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The teacher is always silent during the test

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An Ursuline sister who was one of my early teachers said of God, “Remember the teacher is always silent during the test.”

One year ago, my wife slipped and broke her femur. Complicating the matter: We were in Indianapolis. When you have a medical emergency in a strange city, you might as well be an ocean away from home. I said my prayers, but wondered where God was when my wife was suffering. A broken femur is nasty.

We ended up in University of Indiana Methodist Hospital, and she received excellent care. Bless the people who labor in hospitals.

I saw the teenager in pre-op as we waited for Linda to be wheeled into surgery. He sat upright on the gurney, his head wrapped in bloody gauze. He was on oxygen and looked like death. Later in the post-op waiting room, I saw a large family group. There was a matriarch, and from eavesdropping – it’s OK; I’m a reporter – I came to understand that the people with her were sons, daughters-in-law, younger children, and even a grandchild. There was also a tall, skinny dingy person who was clearly not related.

There were a lot of loud cell phone calls, and after a bit, a uniformed officer and a plain-clothes detective introduced themselves to the family. Apparently, their youngest brother, who had been living on the streets, had gotten into a fight with another homeless man over his place on “the grates,” iron coverings over steam lines that ran under downtown streets and buildings. This was prize territory. The high temps that week had been around 10-15 degrees. A knife was involved and the teenager was partially scalped.

They briefly questioned the odd man, “Denny,” who had come to the victim’s aid when a dew rag and stocking cap did not stem the bleeding. He walked the teenager home where momma took over and got him to the ER.

The detective told the family they were charging the assailant with attempted murder and that he hoped they understood the police would question the teen when he came out of surgery. Thirty minutes later, a surgeon came out and, predicting a slow, painful recovery with much scarring, told the family their son would survive. They would not be able to see him for many hours.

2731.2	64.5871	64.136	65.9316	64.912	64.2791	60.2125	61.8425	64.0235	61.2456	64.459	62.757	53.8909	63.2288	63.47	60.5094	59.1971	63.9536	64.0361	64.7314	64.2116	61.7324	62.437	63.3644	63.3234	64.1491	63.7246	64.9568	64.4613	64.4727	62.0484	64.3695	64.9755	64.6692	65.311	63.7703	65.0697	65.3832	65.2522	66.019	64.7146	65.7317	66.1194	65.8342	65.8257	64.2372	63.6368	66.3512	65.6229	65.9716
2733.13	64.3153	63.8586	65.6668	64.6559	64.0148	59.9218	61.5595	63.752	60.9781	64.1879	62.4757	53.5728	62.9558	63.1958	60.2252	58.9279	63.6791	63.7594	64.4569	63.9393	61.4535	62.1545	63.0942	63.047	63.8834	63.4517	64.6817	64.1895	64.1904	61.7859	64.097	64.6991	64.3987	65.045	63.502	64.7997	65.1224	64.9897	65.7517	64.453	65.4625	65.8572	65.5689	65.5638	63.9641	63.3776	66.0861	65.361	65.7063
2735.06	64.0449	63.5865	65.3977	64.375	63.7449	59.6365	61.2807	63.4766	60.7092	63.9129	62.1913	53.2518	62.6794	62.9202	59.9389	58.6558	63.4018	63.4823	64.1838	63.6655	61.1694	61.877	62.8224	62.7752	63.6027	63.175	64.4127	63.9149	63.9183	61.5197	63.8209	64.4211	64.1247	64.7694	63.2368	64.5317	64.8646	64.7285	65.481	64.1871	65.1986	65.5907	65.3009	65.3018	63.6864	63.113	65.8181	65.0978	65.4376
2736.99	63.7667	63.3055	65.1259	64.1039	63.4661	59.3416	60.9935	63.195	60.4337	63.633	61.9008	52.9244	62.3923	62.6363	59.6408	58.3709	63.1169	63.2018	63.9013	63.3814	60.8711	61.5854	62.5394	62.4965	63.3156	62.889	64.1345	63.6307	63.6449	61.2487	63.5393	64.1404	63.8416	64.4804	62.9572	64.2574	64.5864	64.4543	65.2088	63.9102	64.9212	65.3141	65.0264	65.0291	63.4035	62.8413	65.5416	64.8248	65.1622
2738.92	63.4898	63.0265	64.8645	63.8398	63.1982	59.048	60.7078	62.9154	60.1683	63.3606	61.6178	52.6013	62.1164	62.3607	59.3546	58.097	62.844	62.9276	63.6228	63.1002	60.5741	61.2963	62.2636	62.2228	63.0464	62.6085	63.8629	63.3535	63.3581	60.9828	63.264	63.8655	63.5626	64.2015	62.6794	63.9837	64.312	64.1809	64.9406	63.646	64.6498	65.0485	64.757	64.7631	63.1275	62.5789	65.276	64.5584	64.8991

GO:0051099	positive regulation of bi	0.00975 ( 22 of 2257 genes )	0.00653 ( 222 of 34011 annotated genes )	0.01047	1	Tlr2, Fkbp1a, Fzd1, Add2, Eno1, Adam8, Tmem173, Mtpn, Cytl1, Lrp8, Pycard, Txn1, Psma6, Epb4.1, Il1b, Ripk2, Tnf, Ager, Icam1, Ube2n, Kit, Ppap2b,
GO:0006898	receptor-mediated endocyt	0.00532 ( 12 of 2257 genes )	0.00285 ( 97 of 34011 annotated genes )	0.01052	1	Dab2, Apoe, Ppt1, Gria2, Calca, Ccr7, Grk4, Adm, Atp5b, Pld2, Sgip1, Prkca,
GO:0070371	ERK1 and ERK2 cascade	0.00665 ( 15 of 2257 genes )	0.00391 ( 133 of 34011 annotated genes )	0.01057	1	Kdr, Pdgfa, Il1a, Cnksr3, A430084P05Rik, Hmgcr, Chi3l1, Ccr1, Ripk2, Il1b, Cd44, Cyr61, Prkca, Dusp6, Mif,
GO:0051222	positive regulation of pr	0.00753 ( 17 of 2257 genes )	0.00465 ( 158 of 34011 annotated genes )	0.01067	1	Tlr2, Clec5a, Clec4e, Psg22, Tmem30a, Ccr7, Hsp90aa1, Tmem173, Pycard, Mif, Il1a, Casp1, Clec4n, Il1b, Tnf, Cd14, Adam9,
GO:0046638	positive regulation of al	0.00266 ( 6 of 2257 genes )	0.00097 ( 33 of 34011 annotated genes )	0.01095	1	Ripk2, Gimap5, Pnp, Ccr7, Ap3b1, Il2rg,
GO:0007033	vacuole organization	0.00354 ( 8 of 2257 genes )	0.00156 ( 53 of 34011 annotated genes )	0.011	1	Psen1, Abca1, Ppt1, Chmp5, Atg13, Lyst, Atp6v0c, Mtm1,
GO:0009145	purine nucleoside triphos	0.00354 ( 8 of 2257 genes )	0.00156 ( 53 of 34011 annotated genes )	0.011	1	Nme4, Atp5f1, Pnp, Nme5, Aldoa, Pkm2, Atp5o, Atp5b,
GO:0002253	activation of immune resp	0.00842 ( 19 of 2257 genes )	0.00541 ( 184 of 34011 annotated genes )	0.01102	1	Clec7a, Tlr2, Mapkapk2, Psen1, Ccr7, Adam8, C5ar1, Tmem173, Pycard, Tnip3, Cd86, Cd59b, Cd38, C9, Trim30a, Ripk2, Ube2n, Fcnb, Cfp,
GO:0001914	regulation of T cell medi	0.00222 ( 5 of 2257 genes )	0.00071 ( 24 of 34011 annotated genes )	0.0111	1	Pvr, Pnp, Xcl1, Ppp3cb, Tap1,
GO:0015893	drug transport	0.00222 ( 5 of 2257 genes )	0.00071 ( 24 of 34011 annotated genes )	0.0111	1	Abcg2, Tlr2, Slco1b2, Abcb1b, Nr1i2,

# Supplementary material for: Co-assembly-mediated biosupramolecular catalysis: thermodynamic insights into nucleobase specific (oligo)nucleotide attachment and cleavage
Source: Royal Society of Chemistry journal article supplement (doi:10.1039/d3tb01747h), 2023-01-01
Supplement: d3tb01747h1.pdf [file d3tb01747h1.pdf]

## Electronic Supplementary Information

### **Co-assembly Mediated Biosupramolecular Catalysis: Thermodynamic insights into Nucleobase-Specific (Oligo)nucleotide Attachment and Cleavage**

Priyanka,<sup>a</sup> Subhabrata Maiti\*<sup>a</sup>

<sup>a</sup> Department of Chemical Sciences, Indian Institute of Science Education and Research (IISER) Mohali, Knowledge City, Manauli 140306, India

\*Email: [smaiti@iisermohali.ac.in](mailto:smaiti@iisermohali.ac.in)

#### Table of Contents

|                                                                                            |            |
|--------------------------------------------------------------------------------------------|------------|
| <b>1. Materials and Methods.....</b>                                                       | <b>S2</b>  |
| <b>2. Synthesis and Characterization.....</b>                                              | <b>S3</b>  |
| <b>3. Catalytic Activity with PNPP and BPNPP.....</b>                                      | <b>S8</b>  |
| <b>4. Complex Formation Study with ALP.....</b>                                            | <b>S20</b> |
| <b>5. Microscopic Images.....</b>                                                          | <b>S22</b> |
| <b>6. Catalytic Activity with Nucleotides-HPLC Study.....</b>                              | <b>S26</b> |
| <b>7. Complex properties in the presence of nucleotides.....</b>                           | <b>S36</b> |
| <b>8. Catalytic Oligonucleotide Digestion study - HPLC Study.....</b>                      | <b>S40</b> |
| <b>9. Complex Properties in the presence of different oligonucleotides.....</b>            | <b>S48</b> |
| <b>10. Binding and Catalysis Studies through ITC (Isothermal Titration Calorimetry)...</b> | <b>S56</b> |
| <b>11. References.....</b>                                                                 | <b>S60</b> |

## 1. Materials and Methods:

One brother had to go back to work, as did one sister-in-law. The mother, clearly the general of this little army, turned to Denny and said gruffly, “Denny, are you hungry? You can come eat with us.”

Denny mumbled something about not being clean and not having any money. Momma barked, “Boy, I don’t offer but once. If I offer, I pay, and I’ll take you home after, let you clean up, and wash your clothes, and give you a warm place to sleep tonight. It’s what I do, and it’s what Jesus expects of me.”

And with that, they all left, Denny in tow. In my head I heard, “I was a stranger and you gave me shelter…” You know Matthew 25.

We spent five days at IU Methodist. I slept on a cot alongside my wife’s bed. I ate in the hospital cafeteria and in the café that stayed open late for staff.

The first evening I was in the café, the man at the cash register asked, “Are you related to a patient?”

I explained our situation and he offered his best wishes and prayers for Linda’s speedy recovery. Gene was there each evening, and each evening, he asked how my wife was doing and, “are you
taking care of yourself?”

And I heard “Blessed are they who mourn …” (Matthew 5:4). Then I realized where God was: Monitoring the test.

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